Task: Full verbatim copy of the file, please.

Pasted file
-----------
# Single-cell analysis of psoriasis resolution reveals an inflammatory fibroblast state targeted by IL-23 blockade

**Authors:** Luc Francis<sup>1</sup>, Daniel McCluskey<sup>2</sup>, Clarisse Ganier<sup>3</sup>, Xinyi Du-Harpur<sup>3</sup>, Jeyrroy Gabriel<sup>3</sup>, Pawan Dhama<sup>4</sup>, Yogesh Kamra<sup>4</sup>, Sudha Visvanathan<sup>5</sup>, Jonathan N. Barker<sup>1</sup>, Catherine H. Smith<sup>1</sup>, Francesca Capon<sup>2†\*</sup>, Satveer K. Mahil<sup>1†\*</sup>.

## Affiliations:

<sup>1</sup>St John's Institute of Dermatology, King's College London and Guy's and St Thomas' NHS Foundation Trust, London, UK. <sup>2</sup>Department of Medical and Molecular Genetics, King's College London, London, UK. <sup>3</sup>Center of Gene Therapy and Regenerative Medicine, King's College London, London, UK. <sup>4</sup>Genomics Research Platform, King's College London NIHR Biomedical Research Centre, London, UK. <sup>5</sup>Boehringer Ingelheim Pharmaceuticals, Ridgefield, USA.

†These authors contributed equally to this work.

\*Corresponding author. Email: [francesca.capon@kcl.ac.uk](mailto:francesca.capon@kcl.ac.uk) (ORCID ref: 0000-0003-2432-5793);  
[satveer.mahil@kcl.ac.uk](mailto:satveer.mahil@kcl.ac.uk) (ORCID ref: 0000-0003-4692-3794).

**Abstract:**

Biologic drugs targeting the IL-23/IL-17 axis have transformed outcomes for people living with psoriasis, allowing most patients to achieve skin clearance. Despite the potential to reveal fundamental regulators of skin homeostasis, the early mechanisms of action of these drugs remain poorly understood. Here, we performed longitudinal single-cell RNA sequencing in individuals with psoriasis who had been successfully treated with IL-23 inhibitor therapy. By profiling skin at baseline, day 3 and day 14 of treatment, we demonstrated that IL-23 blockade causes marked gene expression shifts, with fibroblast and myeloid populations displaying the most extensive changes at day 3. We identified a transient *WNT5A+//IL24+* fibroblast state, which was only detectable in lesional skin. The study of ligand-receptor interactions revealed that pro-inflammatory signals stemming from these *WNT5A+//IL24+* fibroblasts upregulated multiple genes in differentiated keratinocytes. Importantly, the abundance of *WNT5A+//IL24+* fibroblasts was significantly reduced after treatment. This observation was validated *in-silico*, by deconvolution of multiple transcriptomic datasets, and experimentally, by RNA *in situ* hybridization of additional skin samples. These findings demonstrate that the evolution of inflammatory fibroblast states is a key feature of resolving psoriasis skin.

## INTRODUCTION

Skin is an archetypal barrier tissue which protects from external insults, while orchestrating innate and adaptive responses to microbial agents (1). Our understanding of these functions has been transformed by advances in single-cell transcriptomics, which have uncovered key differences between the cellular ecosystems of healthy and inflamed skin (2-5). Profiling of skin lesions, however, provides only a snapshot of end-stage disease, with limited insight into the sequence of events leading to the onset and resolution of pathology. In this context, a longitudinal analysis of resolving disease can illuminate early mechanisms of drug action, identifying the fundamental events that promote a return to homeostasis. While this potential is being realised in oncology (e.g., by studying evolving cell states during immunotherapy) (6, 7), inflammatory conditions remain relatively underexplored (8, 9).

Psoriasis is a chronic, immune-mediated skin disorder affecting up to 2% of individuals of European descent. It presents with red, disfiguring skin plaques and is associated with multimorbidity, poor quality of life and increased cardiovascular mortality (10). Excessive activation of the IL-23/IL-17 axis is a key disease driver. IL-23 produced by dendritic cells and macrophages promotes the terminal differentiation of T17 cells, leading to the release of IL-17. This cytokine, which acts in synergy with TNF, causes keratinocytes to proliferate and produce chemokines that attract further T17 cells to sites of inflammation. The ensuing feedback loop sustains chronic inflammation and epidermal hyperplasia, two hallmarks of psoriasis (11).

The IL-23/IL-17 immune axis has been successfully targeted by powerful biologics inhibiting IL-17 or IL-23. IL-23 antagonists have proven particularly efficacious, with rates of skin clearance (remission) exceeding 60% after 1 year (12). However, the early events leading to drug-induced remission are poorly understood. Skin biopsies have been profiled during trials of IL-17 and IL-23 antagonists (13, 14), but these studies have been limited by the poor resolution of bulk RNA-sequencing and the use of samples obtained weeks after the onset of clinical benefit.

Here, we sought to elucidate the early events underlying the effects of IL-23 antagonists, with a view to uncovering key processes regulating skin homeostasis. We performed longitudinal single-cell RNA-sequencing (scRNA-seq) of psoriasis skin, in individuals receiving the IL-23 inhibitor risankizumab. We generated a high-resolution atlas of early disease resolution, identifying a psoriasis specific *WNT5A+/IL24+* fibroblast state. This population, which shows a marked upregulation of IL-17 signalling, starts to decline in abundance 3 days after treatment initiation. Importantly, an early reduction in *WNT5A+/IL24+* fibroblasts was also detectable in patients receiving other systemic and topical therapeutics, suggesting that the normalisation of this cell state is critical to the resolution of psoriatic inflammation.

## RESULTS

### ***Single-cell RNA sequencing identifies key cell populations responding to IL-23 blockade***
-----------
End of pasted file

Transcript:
# Single-cell analysis of psoriasis resolution reveals an inflammatory fibroblast state targeted by IL-23 blockade

**Authors:** Luc Francis<sup>1</sup>, Daniel McCluskey<sup>2</sup>, Clarisse Ganier<sup>3</sup>, Xinyi Du-Harpur<sup>3</sup>, Jeyrroy Gabriel<sup>3</sup>, Pawan Dhama<sup>4</sup>, Yogesh Kamra<sup>4</sup>, Sudha Visvanathan<sup>5</sup>, Jonathan N. Barker<sup>1</sup>, Catherine H. Smith<sup>1</sup>, Francesca Capon<sup>2†\*</sup>, Satveer K. Mahil<sup>1†\*</sup>.

## Affiliations:

<sup>1</sup>St John's Institute of Dermatology, King's College London and Guy's and St Thomas' NHS Foundation Trust, London, UK. <sup>2</sup>Department of Medical and Molecular Genetics, King's College London, London, UK. <sup>3</sup>Center of Gene Therapy and Regenerative Medicine, King's College London, London, UK. <sup>4</sup>Genomics Research Platform, King's College London NIHR Biomedical Research Centre, London, UK. <sup>5</sup>Boehringer Ingelheim Pharmaceuticals, Ridgefield, USA.

†These authors contributed equally to this work.

\*Corresponding author. Email: [francesca.capon@kcl.ac.uk](mailto:francesca.capon@kcl.ac.uk) (ORCID ref: 0000-0003-2432-5793);  
[satveer.mahil@kcl.ac.uk](mailto:satveer.mahil@kcl.ac.uk) (ORCID ref: 0000-0003-4692-3794).

**Abstract:**

Biologic drugs targeting the IL-23/IL-17 axis have transformed outcomes for people living with psoriasis, allowing most patients to achieve skin clearance. Despite the potential to reveal fundamental regulators of skin homeostasis, the early mechanisms of action of these drugs remain poorly understood. Here, we performed longitudinal single-cell RNA sequencing in individuals with psoriasis who had been successfully treated with IL-23 inhibitor therapy. By profiling skin at baseline, day 3 and day 14 of treatment, we demonstrated that IL-23 blockade causes marked gene expression shifts, with fibroblast and myeloid populations displaying the most extensive changes at day 3. We identified a transient *WNT5A+//IL24+* fibroblast state, which was only detectable in lesional skin. The study of ligand-receptor interactions revealed that pro-inflammatory signals stemming from these *WNT5A+//IL24+* fibroblasts upregulated multiple genes in differentiated keratinocytes. Importantly, the abundance of *WNT5A+//IL24+* fibroblasts was significantly reduced after treatment. This observation was validated *in-silico*, by deconvolution of multiple transcriptomic datasets, and experimentally, by RNA *in situ* hybridization of additional skin samples. These findings demonstrate that the evolution of inflammatory fibroblast states is a key feature of resolving psoriasis skin.

## INTRODUCTION

Skin is an archetypal barrier tissue which protects from external insults, while orchestrating innate and adaptive responses to microbial agents (1). Our understanding of these functions has been transformed by advances in single-cell transcriptomics, which have uncovered key differences between the cellular ecosystems of healthy and inflamed skin (2-5). Profiling of skin lesions, however, provides only a snapshot of end-stage disease, with limited insight into the sequence of events leading to the onset and resolution of pathology. In this context, a longitudinal analysis of resolving disease can illuminate early mechanisms of drug action, identifying the fundamental events that promote a return to homeostasis. While this potential is being realised in oncology (e.g., by studying evolving cell states during immunotherapy) (6, 7), inflammatory conditions remain relatively underexplored (8, 9).

Psoriasis is a chronic, immune-mediated skin disorder affecting up to 2% of individuals of European descent. It presents with red, disfiguring skin plaques and is associated with multimorbidity, poor quality of life and increased cardiovascular mortality (10). Excessive activation of the IL-23/IL-17 axis is a key disease driver. IL-23 produced by dendritic cells and macrophages promotes the terminal differentiation of T17 cells, leading to the release of IL-17. This cytokine, which acts in synergy with TNF, causes keratinocytes to proliferate and produce chemokines that attract further T17 cells to sites of inflammation. The ensuing feedback loop sustains chronic inflammation and epidermal hyperplasia, two hallmarks of psoriasis (11).

The IL-23/IL-17 immune axis has been successfully targeted by powerful biologics inhibiting IL-17 or IL-23. IL-23 antagonists have proven particularly efficacious, with rates of skin clearance (remission) exceeding 60% after 1 year (12). However, the early events leading to drug-induced remission are poorly understood. Skin biopsies have been profiled during trials of IL-17 and IL-23 antagonists (13, 14), but these studies have been limited by the poor resolution of bulk RNA-sequencing and the use of samples obtained weeks after the onset of clinical benefit.

Here, we sought to elucidate the early events underlying the effects of IL-23 antagonists, with a view to uncovering key processes regulating skin homeostasis. We performed longitudinal single-cell RNA-sequencing (scRNA-seq) of psoriasis skin, in individuals receiving the IL-23 inhibitor risankizumab. We generated a high-resolution atlas of early disease resolution, identifying a psoriasis specific *WNT5A+/IL24+* fibroblast state. This population, which shows a marked upregulation of IL-17 signalling, starts to decline in abundance 3 days after treatment initiation. Importantly, an early reduction in *WNT5A+/IL24+* fibroblasts was also detectable in patients receiving other systemic and topical therapeutics, suggesting that the normalisation of this cell state is critical to the resolution of psoriatic inflammation.

## RESULTS

### ***Single-cell RNA sequencing identifies key cell populations responding to IL-23 blockade***